Set within Copenhagen’s post-industrial Nordhavn District, the studio investigates the global challenges of water resiliency and housing—a common yet complex condition in many harbor cities that face the transformation of water-edges. From Boston to Hong Kong, this shift among port cities often involves a transition away from previous activities of shipping, commerce, and trade, and toward new civic and domestic models of public space and housing. Yet, the evolution of the water’s edge is seldom a tidy process, offering a unique opportunity for critique, intervention and design imagination.
Traveling to Copenhagen over spring break, the studio seeks to reconcile the specific forces at work in Denmark, at the confluence of a water-shaped civic landscape, a porous matrix of aggregated dwelling, and the Nordic concept of ‘Hygge,’ loosely defined as domestic coziness or togetherness. What is a contemporary interpretation of hygge and how can this culturally specific concept recast traditional modes of housing and provide alternatives to market-driven criteria? How is hygge rooted in climate and material culture, and how might we create a personal response to the evolving legacy of Danish modernism? Can emerging low-carbon material and construction technologies contribute to an architectural expression while addressing needs for water management and resiliency?
Copenhagen exemplifies a proactive approach to climate resiliency, and investment in its vulnerable waterfront, resulting in an on-going master planning effort, won in competition by the Danish firm Cobe in 2008. Aimed at integrating existing and new infrastructure, transforming Nordhavn’s water-front edges, and satisfying Copenhagen’s need for housing, the Cobe plan and other realized architecture and landscape projects, will serve as a foundation for our study to explore and advance site-specific housing proposals.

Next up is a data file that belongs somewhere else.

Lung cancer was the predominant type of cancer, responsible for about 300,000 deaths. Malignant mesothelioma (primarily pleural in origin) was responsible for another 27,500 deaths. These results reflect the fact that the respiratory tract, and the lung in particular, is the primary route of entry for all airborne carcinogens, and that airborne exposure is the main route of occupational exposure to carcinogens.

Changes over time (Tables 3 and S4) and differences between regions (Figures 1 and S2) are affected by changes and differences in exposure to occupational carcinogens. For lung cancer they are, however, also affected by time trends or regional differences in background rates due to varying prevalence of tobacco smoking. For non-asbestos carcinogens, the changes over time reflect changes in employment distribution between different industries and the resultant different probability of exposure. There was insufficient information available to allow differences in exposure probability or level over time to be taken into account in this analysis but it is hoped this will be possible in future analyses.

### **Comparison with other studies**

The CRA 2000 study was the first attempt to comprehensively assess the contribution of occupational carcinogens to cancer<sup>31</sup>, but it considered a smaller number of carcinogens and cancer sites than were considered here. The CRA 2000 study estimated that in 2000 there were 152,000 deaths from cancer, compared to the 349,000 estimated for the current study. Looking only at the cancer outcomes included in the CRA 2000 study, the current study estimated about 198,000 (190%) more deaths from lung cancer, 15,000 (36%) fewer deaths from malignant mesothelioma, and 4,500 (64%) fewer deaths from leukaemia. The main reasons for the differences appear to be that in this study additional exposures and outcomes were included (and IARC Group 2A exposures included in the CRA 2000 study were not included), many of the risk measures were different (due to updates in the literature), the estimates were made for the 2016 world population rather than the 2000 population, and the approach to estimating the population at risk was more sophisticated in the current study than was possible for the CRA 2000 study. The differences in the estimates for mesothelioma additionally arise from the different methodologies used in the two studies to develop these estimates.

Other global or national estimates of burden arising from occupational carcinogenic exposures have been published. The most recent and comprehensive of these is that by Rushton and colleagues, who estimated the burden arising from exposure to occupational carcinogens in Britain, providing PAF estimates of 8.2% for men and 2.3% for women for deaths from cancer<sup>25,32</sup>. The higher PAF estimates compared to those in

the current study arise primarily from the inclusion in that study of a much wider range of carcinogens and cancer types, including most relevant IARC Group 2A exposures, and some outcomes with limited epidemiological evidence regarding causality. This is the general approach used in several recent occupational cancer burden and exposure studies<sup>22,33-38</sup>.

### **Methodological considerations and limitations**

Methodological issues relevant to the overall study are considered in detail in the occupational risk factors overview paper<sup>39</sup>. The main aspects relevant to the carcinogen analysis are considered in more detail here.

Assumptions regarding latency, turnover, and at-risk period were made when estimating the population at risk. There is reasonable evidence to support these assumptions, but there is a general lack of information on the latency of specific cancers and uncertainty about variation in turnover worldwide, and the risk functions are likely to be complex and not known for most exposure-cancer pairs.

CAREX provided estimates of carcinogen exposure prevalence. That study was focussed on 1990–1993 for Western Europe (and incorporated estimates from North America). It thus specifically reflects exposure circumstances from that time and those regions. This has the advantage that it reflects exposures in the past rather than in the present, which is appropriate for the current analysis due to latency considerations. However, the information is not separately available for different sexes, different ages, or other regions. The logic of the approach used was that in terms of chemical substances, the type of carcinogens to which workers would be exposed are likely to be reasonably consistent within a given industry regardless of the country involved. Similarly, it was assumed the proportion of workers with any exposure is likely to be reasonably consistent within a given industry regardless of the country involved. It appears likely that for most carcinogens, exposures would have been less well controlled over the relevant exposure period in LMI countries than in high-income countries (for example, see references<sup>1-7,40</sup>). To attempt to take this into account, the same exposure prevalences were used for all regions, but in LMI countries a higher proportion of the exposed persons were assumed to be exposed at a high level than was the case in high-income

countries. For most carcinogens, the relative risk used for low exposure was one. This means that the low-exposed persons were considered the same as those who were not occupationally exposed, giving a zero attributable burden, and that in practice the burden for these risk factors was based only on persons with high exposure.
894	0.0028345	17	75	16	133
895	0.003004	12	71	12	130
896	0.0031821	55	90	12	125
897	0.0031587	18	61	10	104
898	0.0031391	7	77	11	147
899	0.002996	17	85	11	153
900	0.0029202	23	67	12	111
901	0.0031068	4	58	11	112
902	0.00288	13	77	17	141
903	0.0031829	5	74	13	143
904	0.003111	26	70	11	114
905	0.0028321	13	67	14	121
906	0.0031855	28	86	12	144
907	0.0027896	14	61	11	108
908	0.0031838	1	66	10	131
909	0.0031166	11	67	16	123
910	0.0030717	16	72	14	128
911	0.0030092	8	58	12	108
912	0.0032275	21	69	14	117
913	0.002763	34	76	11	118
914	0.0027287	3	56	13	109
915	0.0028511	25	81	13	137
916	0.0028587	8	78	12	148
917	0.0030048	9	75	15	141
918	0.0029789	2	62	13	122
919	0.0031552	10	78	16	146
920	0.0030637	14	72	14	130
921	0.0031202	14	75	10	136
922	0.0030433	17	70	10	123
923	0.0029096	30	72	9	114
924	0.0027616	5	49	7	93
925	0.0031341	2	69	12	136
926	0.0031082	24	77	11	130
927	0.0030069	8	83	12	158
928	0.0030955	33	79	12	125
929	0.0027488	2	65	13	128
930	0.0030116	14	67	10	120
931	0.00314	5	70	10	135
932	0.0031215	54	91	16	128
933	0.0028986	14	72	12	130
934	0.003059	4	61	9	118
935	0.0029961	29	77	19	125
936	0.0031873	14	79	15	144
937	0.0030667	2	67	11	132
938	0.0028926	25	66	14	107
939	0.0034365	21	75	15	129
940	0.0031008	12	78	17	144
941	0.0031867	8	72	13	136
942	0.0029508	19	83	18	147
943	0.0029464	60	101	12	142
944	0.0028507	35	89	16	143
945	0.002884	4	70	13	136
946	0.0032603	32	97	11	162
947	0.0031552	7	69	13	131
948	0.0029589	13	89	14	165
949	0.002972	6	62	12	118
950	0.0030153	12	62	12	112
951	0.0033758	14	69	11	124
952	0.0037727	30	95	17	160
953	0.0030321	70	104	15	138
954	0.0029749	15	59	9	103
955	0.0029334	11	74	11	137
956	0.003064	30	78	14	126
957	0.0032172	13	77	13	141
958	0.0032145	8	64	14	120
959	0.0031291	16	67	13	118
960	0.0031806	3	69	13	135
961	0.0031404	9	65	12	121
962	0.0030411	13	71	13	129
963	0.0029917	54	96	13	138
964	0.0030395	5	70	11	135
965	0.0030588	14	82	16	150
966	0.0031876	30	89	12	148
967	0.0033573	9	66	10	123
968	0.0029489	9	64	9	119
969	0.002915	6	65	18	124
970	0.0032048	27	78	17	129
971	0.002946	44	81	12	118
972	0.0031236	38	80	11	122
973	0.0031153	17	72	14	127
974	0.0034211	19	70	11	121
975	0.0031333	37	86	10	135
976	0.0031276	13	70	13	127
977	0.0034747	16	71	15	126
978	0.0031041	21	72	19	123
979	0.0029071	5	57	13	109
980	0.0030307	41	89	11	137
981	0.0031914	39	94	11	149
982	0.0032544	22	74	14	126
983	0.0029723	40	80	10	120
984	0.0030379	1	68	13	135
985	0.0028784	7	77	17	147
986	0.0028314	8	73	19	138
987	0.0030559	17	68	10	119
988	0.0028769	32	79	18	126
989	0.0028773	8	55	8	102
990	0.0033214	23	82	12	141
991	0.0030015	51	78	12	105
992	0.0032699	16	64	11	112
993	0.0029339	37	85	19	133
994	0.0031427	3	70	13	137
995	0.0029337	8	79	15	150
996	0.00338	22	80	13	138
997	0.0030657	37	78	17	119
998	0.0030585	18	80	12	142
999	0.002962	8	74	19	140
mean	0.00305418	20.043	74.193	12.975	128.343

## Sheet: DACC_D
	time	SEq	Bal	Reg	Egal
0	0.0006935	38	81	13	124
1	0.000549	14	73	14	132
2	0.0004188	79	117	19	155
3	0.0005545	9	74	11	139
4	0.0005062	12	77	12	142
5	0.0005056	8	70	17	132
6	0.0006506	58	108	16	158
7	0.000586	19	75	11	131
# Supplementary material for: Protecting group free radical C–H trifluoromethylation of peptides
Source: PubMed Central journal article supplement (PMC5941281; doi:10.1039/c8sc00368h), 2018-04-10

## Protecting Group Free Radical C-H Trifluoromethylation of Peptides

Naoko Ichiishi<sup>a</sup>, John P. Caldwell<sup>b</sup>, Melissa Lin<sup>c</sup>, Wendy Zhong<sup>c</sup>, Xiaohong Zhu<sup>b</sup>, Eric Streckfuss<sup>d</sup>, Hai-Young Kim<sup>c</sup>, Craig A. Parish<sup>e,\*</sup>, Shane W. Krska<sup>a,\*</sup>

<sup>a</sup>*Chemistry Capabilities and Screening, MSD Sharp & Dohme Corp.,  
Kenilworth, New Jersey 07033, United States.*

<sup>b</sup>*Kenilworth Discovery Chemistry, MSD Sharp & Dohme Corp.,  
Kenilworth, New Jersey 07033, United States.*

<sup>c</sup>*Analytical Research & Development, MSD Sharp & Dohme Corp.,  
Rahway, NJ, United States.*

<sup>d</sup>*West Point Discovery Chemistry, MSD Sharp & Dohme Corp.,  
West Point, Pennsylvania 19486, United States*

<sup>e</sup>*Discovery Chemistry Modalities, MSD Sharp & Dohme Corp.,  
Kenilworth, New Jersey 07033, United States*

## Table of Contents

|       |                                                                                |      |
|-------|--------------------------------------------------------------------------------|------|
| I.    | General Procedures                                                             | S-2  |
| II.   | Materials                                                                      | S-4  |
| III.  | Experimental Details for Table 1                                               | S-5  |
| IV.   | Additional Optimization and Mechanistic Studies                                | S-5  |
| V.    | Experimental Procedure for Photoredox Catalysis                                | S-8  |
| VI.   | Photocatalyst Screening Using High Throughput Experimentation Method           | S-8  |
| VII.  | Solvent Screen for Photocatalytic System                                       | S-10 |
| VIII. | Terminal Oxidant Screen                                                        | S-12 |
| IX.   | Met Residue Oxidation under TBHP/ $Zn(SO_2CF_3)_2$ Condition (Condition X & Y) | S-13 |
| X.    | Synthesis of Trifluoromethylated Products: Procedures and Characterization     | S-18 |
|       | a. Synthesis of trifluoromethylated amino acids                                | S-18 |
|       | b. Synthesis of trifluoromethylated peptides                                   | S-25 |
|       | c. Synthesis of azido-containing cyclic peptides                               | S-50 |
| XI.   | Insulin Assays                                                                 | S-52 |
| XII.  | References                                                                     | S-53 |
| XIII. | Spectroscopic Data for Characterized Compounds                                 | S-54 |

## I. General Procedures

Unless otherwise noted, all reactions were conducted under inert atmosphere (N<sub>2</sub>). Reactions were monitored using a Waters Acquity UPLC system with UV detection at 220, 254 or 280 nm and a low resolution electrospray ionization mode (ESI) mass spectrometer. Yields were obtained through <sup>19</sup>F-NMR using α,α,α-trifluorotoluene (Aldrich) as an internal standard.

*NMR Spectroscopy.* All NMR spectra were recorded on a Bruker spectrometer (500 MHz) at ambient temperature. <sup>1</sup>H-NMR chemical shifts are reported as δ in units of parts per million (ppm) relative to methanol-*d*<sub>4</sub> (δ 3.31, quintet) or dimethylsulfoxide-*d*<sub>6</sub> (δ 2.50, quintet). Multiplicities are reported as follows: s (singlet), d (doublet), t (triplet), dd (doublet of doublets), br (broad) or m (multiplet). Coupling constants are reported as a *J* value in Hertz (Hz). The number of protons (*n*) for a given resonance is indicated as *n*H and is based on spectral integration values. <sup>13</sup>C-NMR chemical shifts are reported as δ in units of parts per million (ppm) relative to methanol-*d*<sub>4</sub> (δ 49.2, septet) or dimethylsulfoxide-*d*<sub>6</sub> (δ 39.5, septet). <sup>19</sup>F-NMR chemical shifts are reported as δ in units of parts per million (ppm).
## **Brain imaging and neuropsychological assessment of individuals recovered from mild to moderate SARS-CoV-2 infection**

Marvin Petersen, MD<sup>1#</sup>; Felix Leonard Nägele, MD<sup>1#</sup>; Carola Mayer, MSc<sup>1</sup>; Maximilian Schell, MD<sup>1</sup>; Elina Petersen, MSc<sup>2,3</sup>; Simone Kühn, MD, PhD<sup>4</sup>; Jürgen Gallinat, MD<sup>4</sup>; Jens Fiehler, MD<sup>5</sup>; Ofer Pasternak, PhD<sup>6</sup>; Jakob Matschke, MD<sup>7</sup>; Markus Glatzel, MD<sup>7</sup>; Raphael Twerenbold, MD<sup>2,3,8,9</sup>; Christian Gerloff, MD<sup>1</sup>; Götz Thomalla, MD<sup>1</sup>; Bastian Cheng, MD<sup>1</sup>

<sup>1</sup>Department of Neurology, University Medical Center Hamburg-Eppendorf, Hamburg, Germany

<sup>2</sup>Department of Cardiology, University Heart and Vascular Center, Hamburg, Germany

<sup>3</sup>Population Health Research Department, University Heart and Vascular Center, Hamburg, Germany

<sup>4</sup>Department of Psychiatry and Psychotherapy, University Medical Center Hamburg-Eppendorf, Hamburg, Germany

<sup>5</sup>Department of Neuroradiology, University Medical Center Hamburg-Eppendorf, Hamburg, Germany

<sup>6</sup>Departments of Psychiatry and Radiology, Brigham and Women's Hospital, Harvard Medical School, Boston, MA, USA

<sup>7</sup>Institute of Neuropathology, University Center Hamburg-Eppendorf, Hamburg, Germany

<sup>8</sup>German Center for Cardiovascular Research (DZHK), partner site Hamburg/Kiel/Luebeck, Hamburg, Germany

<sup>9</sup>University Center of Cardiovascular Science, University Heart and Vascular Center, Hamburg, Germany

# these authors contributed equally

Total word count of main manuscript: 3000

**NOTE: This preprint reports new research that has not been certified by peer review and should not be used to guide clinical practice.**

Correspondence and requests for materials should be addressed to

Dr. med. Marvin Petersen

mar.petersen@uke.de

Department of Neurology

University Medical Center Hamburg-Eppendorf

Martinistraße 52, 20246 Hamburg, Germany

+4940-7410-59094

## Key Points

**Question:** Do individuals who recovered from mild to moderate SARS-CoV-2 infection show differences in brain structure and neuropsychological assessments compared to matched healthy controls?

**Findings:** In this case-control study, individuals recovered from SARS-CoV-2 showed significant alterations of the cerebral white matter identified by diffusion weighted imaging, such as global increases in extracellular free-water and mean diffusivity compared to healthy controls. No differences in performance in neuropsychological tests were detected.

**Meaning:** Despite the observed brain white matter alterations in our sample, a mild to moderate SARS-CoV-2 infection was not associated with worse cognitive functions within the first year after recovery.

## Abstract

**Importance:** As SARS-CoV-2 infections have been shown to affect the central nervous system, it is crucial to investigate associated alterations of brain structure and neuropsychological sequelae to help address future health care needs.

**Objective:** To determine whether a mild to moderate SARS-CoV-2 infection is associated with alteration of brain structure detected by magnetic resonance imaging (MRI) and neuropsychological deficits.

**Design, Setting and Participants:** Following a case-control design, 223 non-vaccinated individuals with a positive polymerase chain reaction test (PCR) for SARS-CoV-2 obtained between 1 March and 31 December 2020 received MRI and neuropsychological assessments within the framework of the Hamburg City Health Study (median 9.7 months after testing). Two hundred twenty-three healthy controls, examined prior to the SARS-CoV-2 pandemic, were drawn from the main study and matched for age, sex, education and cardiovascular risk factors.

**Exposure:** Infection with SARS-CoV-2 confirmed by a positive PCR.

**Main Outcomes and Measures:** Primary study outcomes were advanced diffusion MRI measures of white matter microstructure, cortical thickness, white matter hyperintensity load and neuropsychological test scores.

Dense urban housing typically manifests in repetitive patterns of unit aggregation, mirrored and stacked pragmatically, relying on double-loaded corridors for efficiency, and often stuffed into arbitrary envelopes, absent of a socially binding civic promenade, geometric variation or domestic ambiance. As a counterpoint to the repetitive stack and its proclivity for alienation, we will conceptualize housing and urban landscape as a contiguous, fully connected pedestrian terrain that wends its way horizontally and vertically, seeking light and air, re-imagining the ground plane, and offering unique opportunities for architectural expression—in other words, we will integrate hydrology, housing, and hygge. Implicit in this act is a resistance to an overly privatized landscape and an active study of grade and circulation as collective tissue. Housing is thereby imagined as a porous container set amidst a terraformed landscape and skin, a shaped vessel that owes as much to its interior contour as to its exterior figuration. This approach questions the distinctions between private and public realms as typically defined by building skin, aspiring to reconcile a programmatically rich interior with an architecture of sculptural, civic and ecological presence.